Our Yard Sale Benefit

Whew! We had our huge yard sale on October 18th & 19th. It was a big success! We had so many wonderful family and friends that donated items for us to sell. The goal was to raise money to put in the 'baby fund' to help pay for the adoption. And that we did!

Our town home's Home Owner's Association only allows for there to be one yard sale a year and they pick the weekend and location on the complex to have it. So we knew it was coming and had lots of time to prepare.

We're so grateful to my brother and his wife. They were there bright and early Saturday AM to help us set up. (They helped us break down also. A big thank you to them!) He also had a big donation box at his work for other employees to give items. Just about every day for a week he was coming over and dropping off different items. Some that were big $ items. We're so thrilled and honored that so many people took the time to go through their homes and packed up items for us. Their support means so much to us. We also enjoyed those who stopped by to visit us and make their donations by purchasing items.

My dear husband even made the great sacrifice and parted with some of his beloved "Star Wars" action figures. Including a giant size Millennium Falcon. We made sure they all went to good new owners.

My mother who passed away in May loved yard sales. Whenever she saw one she was compelled to stop. We had many of them growing up too. A long time family tradition. I now love them too. It was my first one that she wasn't at physically but I felt her spirit there. She would be happy to know that some of her clothes and items sold well. So, she helped contribute also. I know she was excited about us adopting and will be so happy for us once our baby is home with us. I miss her and will miss her even more when the baby is here but I know she is proud of me. Even though the purpose of the yard sale was to raise money for the adoption, it was also in honor of her, because she loved them so much.

It was exhausting and our sore, tired bodies took a while to recoupe from it all. But it was worth it. It's just part of the 'labor pains' we are more than willing to go through to have our baby.


Glenn's Physical

Had my official adoption physical last Friday - my first one in many a year. I really liked the doctor, and it turned out that he was studying at Tel Aviv University the same year I was there for the overseas program, and we lived in the same dorm complex. As Thomas Friedman says, the world is flat. It's pretty small too.

I had some blood drawn, and a TB test (my third this year - the previous 2 followed a minor TB outbreak at my old job). I do not, thankfully, have tuberculosis. Nor do I have rickets, gout, dropsy, or any other 1800's diseases. My blood pressure, EKG, and lung tests were perfect. The nurse, however, had to shave a little bit of my chest hair for the EKG, and it was very itchy for a couple days. I'm still waiting on my blood test results, and in the meantime, they need me to send a sample, via US mail, of... well, let's just say I'm glad I'm not the postman that day, given what I have to "doo."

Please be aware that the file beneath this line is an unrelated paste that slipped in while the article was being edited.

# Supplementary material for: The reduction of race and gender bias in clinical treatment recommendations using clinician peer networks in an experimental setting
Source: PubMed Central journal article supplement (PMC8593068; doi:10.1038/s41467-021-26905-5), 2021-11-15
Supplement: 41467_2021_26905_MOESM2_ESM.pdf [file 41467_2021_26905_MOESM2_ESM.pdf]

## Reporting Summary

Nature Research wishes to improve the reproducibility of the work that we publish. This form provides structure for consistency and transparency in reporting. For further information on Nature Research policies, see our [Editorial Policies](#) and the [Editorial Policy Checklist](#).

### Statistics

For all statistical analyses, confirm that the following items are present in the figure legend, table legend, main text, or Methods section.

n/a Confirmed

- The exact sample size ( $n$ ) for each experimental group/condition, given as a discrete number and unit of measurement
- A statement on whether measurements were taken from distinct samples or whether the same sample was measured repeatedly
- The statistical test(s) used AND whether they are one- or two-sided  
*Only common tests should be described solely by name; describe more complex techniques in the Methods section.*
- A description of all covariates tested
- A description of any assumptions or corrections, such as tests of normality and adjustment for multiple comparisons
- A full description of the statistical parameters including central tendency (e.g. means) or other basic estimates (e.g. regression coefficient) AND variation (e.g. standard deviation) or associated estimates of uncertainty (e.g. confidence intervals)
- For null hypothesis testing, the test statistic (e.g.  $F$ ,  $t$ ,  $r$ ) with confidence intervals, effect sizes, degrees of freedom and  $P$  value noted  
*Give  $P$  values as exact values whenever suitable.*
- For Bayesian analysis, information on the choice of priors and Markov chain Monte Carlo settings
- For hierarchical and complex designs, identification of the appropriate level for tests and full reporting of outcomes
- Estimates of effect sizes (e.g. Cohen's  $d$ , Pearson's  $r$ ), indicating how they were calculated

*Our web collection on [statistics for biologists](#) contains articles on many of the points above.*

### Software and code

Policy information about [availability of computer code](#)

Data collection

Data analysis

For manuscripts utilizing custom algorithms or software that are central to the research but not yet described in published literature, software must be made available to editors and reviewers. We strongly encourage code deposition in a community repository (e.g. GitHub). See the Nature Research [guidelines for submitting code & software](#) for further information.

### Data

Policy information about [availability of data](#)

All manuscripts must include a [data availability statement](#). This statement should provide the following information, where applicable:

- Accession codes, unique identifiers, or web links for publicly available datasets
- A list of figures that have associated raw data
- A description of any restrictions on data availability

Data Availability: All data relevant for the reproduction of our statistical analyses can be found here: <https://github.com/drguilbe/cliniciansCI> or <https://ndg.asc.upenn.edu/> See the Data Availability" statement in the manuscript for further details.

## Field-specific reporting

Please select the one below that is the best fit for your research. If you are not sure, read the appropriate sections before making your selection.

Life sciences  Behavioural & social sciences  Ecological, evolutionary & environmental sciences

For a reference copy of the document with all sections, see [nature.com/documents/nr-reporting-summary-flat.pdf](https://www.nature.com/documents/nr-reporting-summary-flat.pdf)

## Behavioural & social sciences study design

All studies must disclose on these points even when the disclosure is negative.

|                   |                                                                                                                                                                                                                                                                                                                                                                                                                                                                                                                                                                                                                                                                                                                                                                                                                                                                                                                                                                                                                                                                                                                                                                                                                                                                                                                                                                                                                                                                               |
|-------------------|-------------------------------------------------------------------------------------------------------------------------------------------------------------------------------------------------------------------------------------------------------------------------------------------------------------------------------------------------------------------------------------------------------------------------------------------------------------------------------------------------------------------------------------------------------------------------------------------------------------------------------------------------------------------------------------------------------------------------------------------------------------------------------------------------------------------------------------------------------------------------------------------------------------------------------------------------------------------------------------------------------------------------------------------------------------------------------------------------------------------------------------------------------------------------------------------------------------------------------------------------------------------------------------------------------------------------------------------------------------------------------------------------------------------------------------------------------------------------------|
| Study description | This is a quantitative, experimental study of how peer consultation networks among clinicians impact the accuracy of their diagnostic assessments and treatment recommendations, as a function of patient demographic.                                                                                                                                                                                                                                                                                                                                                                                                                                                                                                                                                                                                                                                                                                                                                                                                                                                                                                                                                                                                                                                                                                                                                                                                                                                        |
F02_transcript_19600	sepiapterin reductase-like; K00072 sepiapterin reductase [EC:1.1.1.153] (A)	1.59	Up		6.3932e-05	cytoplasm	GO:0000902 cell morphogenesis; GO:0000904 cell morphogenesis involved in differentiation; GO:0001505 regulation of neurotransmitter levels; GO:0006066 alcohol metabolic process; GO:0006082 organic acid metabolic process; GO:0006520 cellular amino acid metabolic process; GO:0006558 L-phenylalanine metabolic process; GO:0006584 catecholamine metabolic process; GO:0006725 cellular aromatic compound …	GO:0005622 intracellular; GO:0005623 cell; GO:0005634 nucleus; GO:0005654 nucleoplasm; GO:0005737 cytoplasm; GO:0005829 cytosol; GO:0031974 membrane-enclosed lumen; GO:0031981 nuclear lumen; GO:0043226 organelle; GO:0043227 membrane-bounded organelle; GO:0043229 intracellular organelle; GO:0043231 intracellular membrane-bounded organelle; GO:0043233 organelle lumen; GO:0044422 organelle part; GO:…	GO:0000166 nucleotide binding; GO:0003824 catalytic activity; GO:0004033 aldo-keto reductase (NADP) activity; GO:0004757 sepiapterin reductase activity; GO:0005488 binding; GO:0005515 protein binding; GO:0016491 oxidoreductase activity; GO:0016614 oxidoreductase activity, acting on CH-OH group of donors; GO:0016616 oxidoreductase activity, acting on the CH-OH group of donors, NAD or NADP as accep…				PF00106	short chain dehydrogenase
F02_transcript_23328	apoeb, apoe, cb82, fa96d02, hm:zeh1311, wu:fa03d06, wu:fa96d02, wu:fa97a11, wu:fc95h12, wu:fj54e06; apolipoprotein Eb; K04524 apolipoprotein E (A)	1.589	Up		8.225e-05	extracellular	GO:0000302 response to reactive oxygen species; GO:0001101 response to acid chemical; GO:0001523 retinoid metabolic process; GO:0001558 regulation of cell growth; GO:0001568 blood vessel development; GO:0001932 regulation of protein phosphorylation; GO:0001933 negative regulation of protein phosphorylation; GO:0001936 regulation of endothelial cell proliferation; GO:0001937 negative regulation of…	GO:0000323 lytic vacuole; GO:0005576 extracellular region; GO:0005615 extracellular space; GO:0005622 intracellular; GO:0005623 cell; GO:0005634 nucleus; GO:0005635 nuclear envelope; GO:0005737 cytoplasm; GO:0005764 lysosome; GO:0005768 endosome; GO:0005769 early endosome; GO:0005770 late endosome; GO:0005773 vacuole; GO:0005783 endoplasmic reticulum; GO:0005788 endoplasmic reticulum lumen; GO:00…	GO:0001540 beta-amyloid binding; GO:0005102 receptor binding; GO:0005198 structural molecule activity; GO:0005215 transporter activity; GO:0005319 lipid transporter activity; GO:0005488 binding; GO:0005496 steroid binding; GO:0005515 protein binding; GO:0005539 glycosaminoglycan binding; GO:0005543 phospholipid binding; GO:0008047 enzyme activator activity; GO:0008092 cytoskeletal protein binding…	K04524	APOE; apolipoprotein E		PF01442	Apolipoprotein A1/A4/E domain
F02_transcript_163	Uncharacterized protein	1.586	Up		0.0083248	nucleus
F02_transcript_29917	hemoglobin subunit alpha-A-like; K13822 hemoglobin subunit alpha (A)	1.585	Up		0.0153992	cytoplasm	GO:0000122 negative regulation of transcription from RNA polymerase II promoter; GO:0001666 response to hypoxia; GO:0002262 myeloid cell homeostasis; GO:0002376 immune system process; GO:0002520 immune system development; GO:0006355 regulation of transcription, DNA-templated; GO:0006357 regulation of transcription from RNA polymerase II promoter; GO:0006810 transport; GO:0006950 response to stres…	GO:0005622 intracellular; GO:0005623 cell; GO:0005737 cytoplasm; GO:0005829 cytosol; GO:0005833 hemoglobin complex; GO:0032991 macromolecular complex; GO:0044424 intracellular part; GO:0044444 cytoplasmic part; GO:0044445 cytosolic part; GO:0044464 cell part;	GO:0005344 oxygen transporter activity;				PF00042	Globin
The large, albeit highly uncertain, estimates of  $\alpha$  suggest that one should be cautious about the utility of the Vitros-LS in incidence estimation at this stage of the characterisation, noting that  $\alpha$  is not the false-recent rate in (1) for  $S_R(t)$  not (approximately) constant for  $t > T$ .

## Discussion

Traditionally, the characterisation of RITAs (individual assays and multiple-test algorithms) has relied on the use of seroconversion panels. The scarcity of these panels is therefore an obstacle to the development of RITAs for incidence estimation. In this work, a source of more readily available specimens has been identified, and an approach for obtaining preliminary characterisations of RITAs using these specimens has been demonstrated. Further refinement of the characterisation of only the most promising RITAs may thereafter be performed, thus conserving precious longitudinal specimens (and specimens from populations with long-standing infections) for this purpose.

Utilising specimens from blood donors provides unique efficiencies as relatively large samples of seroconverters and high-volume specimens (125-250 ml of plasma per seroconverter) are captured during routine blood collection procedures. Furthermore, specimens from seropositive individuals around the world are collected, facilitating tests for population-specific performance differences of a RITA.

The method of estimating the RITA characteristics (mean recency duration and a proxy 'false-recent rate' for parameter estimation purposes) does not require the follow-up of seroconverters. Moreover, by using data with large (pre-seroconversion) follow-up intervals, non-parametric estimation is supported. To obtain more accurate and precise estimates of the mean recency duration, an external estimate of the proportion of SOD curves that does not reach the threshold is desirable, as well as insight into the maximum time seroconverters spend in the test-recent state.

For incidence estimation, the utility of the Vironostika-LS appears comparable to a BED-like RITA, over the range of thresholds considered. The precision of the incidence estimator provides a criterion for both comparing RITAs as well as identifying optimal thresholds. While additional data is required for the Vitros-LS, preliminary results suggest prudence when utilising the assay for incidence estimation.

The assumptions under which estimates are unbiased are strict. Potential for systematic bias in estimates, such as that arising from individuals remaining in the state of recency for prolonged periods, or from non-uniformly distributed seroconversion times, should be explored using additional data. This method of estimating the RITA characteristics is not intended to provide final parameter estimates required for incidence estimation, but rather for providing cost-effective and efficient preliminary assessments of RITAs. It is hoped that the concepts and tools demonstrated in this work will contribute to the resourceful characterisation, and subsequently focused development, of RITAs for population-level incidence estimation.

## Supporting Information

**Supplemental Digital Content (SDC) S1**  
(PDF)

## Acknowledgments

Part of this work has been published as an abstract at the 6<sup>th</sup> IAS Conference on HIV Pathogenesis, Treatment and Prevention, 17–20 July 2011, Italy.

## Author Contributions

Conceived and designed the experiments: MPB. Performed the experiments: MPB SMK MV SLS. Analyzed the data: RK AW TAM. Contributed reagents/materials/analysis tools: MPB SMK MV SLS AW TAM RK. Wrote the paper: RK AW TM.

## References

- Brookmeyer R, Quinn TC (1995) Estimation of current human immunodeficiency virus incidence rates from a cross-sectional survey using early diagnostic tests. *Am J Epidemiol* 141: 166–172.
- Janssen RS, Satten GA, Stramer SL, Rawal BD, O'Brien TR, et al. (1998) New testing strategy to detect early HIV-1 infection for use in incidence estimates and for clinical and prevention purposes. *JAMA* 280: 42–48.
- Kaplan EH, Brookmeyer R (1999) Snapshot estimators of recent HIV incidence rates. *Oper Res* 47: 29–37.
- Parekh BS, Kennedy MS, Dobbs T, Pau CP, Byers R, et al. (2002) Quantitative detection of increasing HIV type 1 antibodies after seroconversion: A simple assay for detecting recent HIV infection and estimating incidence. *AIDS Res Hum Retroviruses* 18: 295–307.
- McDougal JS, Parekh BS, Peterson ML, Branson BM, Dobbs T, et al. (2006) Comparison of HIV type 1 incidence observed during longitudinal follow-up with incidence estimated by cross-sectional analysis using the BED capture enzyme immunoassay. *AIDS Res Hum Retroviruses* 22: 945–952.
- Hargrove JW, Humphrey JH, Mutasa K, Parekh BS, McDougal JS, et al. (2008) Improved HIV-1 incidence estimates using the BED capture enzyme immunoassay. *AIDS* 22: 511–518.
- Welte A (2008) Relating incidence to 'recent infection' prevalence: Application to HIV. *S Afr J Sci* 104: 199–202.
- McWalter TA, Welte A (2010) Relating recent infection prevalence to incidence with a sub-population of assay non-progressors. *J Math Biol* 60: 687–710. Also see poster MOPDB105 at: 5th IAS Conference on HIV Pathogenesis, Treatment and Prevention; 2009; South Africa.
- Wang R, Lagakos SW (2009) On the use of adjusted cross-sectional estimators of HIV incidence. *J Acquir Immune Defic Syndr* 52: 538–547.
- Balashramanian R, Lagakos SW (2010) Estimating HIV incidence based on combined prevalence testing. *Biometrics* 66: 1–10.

After all the in-office stuff, I went to a local imaging lab to get an x-ray done. I'd been told it would be fast, but I ended up having to sit 2 hours in a cramped waiting room with a bunch of frustrated people and several bored children. I managed to bond with one toddler who kept staring at me, and an old lady who complained loudly on my behalf. The chest x-ray itself took all of 5 minutes, and I was happy to just work from home the rest of the day, since there was no real point going all the way back to the office for a couple hours.

The overall verdict is that I'm in darn good health, but could stand to lose about 20 pounds. I'd say more like 17 pounds, given that they weighed me with all my clothes on, plus shoes, keys, wallet, and cell phone. That's hardly fair, don't you think? Either way, it's a point well taken, and something I have all the more motivation to do, what with the adoption process moving along steadily.

My one-on-one with the Social Worker

Tonight I had my private meeting with the Social Worker. (Glenn will meet with her alone next week). It was an interview about my life. She asked many personal questions about my childhood, my teen years, my parents, my brother, my friends, our pets, past relationships, my beliefs. About how I will parent our child, why we're adopting, why now, etc, etc. It was interesting and a little odd. To be telling this stranger all these personal things. But I had no problem opening up and being honest. I'm a very verbose individual anyway, so it was easy. I did get emotional when she asked "What kind of mother was your mom?" Since my mom recently passed away this last May, I felt a wave of emotions remembering how loving and fun she was as a kid. I'm really going to miss having her around as grandma to our children. She was such an affectionate woman. But I will keep her memory alive by telling stories about her for sure.

The whole interview process took an hour and a half. She was very nice but also very serious. It's odd because we did not have a conversation. She asked questions and I answered. I'm used to conversing with people. It was a unique experience. I certainly had to take a moment to think through before answering some of the questions. Which I think is a good process. I feel so confident that Glenn and I will be such great parents. So, I wasn't nervous about the meeting at all. I knew all I could do was just be in the moment, listen and answer honestly, which is exactly what I did.

I'm happy it's done because it's another step closer to having our home study complete. Another step closer to being parents.

Next up, on Saturday we have our class on Trans-racial adoption. Looking forward to it. We had a whole booklet of questions to fill out to prepare for that. More thought provoking ones too.